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Why Audi and Porsche won't share an F1 engine programme

With Audi confirming they will enter F1 in 2026, and Porsche rumoured to be doing likewise, why will the two VW-owned brands not share a power unit programme?

Audi have dismissed claims that they and Porsche will be sharing a Formula 1 power unit programme in 2026. After months of speculation, it was announced on Friday that Audi would enter F1 as an engine supplier. Both Audi and Porsche brands are owned by the Volkswagen Group, and both had been heavily linked with a move into F1 in 2026 to coincide with the sport's new power unit regulations. Outgoing VW Group CEO Herbert Diess had announced in May that the VW board had approved an entry into F1 for both Audi and Porsche. But while Audi and Porsche share components between their respective road car divisions, Audi CEO Markus Duesmann said that there would be no pooling of F1 resources between the two brands. "In this case, we will have completely separate operations," Duesmann said in response to a question from RacingNews365.com . "[Audi] will have our operations in Germany, and if Porsche enters, they will have their operations in the UK, completely separate."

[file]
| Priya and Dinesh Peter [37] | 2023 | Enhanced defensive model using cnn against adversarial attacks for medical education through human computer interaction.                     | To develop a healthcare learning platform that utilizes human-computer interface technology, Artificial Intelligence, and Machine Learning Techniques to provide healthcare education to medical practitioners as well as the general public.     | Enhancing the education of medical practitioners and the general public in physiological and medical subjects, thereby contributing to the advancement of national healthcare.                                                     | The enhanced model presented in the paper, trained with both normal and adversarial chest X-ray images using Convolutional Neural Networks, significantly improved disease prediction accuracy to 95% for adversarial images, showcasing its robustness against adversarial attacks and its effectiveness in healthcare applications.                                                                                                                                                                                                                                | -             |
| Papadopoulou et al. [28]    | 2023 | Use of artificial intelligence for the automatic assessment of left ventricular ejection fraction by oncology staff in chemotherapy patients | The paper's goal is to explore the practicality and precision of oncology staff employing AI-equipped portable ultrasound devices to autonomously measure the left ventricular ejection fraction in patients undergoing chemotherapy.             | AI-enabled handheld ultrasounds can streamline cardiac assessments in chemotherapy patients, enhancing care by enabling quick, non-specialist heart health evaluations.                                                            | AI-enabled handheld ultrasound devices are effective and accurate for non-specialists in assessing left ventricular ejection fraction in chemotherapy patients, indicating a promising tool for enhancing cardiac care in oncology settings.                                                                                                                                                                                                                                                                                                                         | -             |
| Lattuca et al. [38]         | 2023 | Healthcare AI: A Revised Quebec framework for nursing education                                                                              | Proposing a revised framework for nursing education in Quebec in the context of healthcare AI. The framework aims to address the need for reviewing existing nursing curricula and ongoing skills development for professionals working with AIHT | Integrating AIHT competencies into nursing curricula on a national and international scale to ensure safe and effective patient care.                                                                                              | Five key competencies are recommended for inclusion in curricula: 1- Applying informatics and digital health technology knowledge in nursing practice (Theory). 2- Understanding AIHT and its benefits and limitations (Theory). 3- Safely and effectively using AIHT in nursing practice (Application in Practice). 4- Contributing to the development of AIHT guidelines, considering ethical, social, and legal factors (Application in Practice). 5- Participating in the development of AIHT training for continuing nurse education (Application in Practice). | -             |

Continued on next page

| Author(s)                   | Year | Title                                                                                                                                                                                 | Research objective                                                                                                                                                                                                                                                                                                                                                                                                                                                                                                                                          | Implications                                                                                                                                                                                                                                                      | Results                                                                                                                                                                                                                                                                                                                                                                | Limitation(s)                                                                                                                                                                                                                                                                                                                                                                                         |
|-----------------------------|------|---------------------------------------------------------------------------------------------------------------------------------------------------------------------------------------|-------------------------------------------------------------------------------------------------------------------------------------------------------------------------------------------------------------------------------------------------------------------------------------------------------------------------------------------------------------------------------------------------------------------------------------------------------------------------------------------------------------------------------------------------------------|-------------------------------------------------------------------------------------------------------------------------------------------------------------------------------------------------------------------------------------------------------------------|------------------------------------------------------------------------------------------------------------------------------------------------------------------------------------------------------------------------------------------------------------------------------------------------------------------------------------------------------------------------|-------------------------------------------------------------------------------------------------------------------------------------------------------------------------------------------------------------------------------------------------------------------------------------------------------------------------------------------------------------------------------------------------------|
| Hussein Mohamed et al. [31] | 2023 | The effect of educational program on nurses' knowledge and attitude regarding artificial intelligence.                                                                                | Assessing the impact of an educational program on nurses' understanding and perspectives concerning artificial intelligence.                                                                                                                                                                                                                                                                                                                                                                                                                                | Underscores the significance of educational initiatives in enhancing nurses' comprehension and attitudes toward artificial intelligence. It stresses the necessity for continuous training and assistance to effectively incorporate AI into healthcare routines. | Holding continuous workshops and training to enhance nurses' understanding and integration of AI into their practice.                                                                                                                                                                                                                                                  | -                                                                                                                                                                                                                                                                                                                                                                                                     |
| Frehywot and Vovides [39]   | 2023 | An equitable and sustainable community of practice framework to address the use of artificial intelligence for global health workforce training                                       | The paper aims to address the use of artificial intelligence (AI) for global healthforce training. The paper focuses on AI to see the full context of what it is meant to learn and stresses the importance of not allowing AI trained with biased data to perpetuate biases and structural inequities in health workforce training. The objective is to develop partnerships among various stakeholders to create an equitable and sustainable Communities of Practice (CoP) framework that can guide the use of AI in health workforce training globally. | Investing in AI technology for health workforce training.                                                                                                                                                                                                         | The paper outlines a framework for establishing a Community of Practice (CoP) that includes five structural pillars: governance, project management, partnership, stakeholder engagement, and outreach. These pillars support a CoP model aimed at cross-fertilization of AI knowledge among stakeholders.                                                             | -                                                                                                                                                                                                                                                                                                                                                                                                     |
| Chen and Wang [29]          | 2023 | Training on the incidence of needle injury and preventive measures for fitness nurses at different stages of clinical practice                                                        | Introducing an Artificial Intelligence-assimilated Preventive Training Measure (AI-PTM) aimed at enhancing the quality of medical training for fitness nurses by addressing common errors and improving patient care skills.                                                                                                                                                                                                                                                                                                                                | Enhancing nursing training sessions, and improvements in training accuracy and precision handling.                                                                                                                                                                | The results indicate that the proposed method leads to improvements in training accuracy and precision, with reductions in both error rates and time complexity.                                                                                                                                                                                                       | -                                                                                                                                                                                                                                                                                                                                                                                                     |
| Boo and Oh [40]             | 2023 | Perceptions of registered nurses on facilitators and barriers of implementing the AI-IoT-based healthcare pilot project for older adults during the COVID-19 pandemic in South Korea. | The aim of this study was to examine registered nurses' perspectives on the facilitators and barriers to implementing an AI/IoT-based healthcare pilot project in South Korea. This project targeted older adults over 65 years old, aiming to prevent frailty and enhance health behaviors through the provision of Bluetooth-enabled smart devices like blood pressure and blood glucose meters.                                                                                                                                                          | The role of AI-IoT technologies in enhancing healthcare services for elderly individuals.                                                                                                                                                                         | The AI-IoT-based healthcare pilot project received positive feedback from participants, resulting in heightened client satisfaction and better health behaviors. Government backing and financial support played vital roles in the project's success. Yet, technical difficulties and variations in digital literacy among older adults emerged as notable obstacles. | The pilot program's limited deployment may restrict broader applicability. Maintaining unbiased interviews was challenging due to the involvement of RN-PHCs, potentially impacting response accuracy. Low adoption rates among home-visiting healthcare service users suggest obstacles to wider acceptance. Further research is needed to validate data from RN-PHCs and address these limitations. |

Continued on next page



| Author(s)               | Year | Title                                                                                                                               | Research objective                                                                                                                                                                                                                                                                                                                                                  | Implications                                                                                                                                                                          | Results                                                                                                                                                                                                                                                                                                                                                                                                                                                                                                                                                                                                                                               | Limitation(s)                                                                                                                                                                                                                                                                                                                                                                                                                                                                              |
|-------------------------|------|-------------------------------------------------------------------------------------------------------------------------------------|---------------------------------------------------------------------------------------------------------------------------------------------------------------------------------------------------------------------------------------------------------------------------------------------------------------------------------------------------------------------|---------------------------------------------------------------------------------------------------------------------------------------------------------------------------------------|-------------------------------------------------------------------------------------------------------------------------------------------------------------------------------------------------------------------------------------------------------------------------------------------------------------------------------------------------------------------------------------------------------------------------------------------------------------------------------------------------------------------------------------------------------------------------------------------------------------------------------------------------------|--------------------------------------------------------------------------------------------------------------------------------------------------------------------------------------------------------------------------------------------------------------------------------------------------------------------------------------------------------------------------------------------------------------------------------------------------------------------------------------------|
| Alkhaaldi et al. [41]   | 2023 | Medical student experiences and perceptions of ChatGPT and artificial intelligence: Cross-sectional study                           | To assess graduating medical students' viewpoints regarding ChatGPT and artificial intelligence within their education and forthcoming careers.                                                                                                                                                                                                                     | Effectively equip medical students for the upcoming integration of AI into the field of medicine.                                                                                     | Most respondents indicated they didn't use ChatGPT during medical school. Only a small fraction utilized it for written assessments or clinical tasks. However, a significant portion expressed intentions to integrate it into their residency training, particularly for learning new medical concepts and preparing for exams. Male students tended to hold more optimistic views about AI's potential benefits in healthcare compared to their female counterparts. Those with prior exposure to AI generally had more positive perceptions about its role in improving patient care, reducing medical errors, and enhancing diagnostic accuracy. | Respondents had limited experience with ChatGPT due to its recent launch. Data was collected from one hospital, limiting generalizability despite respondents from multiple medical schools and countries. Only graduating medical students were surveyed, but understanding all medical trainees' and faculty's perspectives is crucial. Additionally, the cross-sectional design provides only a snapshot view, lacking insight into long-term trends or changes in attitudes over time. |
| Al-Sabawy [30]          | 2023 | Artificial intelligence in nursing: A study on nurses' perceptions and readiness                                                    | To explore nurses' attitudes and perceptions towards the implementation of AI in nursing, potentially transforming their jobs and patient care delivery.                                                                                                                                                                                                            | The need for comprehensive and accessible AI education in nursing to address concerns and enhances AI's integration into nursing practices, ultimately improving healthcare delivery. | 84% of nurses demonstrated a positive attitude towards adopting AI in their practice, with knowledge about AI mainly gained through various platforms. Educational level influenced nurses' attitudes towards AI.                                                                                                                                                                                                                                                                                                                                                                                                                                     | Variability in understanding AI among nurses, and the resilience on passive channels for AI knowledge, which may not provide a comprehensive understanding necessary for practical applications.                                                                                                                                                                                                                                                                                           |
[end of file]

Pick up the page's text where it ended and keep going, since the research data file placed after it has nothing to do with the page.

Audi linked with Sauber tie-up

Audi revealed that their power unit will be developed at Audi Sport's facility in Neuburg, near Ingolstadt, under the leadership of Adam Baker, who joined Audi in 2021 after a three-year stint as the FIA's Safety Director. Audi have not disclosed which team they would look to partner with, but the firm have been heavily linked with Sauber, who currently compete as Alfa Romeo. Prior to joining Audi, Duesmann was Head of Development at Sauber between 2007 and 2009, when the Swiss outfit were partnered with BMW. With headquarters in Hinwil, Sauber are also the closest F1 team to Audi Sport's Neuburg facility, some 400km away. Though Porsche are yet to make any announcement regarding their plans to enter F1, the firm has been linked to Milton Keynes-based Red Bull Racing, which would coincide with their power units being developed in the UK.

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